Once called a madman and laughed at by members of his community, an Indonesian is now hailed as a hero after spending a quarter of a century covering 250 acres of barren hills around his home with banyan and ficus trees.
The story of Sadiman, the Indonesian who single-handedly brought a forest back to life, began in the early 1990s, but the problem he fixed can be traced back to the 1960s. At that time, large forest fires ravaged the forests on the southern slopes of Mount Lawu in Central Java, turning hundreds of acres of state-owned pine forest to ashes, and leaving barren hills in their place. For decades, dozens of villages in the Wonogiri reign struggled against drafts and famine until an unlikely hero took it upon himself to bring the forest back and create a better life for him and his community.
Sadiman, a rancher in his 40s, was the first to realize that it was the lack of plants in his village that created drafts and made access to fresh water difficult. Unfortunately, for a long time he was the only one concerned with this problem as neither the authorities nor the locals were interested in doing anything about it. Worse, people called him crazy for trying to change anything in the first place, believing his efforts were in vain.
To be fair, the idea that a single person could bring hundreds of acres of forest back to life sounds crazy, but we’ve seen it many times in different places around the world. And Sadiman actually became a celebrated local hero, only it took over a decade for this to happen.
When Sadiman started spending his own money on banyan seedlings, and sometimes even trading the cattle he raised for young trees, people called him a “madman.” They just couldn’t understand why anyone would do such a thing, and some even thought that the trees were harboring ghosts. But despite the opposition and constant ridicule of his colleagues, Sadiman was relentless in his mission.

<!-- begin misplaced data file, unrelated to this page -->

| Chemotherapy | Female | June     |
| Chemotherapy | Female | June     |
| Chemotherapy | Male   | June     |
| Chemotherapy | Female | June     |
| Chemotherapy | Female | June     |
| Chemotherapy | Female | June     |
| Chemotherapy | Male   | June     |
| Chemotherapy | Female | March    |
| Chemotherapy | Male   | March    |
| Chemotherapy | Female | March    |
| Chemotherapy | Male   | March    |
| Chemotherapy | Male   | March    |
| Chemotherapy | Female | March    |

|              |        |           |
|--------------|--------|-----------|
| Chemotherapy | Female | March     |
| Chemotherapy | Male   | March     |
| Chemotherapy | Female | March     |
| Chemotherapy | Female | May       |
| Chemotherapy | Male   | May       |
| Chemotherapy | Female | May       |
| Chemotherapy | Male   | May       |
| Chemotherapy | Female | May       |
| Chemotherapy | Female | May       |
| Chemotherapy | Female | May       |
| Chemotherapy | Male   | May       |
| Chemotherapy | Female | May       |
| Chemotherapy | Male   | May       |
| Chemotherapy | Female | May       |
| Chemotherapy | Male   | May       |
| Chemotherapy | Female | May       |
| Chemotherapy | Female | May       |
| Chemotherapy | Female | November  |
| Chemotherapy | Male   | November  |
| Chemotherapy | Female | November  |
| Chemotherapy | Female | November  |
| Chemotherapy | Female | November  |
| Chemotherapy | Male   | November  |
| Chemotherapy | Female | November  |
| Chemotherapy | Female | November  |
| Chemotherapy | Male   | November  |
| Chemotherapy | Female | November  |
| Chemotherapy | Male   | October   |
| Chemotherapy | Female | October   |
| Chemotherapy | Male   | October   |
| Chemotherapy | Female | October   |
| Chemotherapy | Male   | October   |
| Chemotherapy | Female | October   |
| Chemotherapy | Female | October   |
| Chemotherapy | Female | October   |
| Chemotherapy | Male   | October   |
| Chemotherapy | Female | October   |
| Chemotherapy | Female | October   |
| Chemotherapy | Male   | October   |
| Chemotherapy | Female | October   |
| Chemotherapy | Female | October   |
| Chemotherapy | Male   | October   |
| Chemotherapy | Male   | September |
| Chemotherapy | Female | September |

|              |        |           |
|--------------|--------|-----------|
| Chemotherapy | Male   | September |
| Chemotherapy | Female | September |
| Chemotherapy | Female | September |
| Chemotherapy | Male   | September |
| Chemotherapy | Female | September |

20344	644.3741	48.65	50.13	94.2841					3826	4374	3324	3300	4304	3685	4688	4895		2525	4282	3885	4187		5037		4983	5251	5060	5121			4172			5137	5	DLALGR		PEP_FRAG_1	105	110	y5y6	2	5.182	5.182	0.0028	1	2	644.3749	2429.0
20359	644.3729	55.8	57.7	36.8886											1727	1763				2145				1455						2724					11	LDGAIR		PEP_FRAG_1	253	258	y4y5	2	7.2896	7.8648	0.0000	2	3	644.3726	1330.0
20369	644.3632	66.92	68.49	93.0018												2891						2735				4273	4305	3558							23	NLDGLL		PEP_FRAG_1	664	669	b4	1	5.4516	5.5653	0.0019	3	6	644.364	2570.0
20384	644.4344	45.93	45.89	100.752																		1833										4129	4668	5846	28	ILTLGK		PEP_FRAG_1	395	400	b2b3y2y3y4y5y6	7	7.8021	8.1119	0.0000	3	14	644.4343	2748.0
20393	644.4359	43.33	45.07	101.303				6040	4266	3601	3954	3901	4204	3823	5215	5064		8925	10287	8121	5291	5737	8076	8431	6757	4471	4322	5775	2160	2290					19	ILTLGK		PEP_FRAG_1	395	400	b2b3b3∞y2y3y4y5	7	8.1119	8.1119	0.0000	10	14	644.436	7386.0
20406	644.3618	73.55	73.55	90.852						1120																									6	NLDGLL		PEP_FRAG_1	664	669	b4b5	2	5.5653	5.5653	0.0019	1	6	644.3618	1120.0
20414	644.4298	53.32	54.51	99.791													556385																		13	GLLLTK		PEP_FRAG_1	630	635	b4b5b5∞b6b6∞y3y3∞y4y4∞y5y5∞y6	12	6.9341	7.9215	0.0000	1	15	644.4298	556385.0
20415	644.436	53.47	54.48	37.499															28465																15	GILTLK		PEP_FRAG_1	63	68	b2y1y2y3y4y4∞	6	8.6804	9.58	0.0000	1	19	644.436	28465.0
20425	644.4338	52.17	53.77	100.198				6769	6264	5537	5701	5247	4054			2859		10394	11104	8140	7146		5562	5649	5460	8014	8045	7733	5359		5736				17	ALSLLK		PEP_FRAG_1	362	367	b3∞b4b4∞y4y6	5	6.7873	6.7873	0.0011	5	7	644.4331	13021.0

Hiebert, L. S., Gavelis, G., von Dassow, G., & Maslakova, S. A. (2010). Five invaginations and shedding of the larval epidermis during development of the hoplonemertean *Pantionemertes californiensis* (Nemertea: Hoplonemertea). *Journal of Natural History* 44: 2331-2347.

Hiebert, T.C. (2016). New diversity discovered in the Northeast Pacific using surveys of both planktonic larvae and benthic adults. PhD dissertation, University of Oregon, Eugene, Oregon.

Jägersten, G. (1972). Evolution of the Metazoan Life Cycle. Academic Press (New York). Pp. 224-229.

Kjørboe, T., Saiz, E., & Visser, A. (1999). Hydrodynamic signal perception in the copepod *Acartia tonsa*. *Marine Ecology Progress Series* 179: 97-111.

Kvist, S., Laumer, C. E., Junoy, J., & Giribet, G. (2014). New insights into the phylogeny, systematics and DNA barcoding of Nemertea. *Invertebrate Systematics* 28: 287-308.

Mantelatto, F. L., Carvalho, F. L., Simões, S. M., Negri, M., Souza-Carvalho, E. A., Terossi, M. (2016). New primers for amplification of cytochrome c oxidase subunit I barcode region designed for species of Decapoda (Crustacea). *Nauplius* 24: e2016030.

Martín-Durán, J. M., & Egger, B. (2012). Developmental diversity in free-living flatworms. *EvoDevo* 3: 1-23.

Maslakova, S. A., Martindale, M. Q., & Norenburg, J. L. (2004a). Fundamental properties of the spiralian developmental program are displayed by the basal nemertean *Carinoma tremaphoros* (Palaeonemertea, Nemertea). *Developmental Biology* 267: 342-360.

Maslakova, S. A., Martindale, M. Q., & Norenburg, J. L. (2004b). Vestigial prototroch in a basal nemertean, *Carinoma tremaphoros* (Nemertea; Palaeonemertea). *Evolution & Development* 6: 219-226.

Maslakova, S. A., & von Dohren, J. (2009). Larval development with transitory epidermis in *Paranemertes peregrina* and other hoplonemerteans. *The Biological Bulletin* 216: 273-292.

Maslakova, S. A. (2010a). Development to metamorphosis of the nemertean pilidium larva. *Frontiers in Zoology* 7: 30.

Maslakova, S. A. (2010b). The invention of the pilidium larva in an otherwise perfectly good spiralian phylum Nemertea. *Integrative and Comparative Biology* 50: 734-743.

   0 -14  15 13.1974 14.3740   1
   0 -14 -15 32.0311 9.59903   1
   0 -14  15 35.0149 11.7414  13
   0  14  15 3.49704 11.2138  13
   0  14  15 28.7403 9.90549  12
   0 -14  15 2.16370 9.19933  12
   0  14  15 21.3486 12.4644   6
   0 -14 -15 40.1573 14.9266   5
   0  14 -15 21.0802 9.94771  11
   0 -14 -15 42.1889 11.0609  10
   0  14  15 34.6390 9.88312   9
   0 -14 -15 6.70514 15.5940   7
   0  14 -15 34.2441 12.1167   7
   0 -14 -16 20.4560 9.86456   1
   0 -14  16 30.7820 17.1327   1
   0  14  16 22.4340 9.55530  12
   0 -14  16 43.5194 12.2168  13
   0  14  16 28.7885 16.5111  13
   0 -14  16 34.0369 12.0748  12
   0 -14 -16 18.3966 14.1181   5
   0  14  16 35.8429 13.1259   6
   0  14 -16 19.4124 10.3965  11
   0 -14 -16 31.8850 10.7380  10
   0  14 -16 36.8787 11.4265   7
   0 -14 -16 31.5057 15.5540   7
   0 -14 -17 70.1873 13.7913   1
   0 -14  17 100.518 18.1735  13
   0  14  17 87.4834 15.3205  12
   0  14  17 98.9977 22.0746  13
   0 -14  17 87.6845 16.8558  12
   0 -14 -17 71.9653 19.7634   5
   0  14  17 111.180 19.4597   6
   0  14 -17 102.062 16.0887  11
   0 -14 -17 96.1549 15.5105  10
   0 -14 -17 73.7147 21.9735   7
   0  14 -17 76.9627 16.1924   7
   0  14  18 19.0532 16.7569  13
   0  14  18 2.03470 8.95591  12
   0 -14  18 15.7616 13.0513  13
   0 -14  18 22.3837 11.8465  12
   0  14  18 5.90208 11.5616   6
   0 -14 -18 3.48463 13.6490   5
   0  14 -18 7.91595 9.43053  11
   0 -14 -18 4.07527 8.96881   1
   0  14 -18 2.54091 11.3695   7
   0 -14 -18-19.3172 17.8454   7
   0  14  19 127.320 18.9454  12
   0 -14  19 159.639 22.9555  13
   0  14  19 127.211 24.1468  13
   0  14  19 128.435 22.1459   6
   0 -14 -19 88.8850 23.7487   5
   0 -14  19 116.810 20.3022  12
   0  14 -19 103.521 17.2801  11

The Indonesian farmer planted banyan and ficus seedlings in the barren hills around his village every day. He knew that these two species were very good at holding back water and believed that enough plants could end the drought. And he was right …
It is estimated that Sadiman planted over 11,000 trees in 25 years alone, but it took about a decade for his labor to bear fruit. As the thousands of sapling he had planted matured, other plants began to develop in the area, and branches soon appeared where once there was barren, sun-tainted land.
While farmers in the Wonogiri reign were once limited to a single harvest per year due to lack of water, the abundant water sources Sadiman’s forest created now guarantee two or even three harvests a year.
When the rains fell more frequently and people finally understood the purpose of the trees, Sadiman was no longer a madman but a hero worthy of praise and celebration. He received the Kalpataru government, the highest award for an Indonesian citizen for protecting the environment, and the 2016 Kick Andy Heroes Award.
Over the years, the lush 25 hectare forest has come to be known as “Hutan Sadiman” or Sadiman’s Forest and has become one of the most popular nature tourism destinations in Indonesia. It has since inspired several other mass tree plantations in the area and remains a symbol of what can be achieved through dedication and perseverance, even by a single person.
Sadiman’s story is very similar to that of other incredible eco-warriors we’ve featured in the past. People like Satyendra Gautam Manjhi, who alone turned a wasteland into an orchard with 10,000 trees, or the photographer and conservationist Aditya Singh, who turned a patch of barren land into a green sanctuary for tigers. And who could forget Ma Sanxiao, a double amputee who planted over 17,000 trees?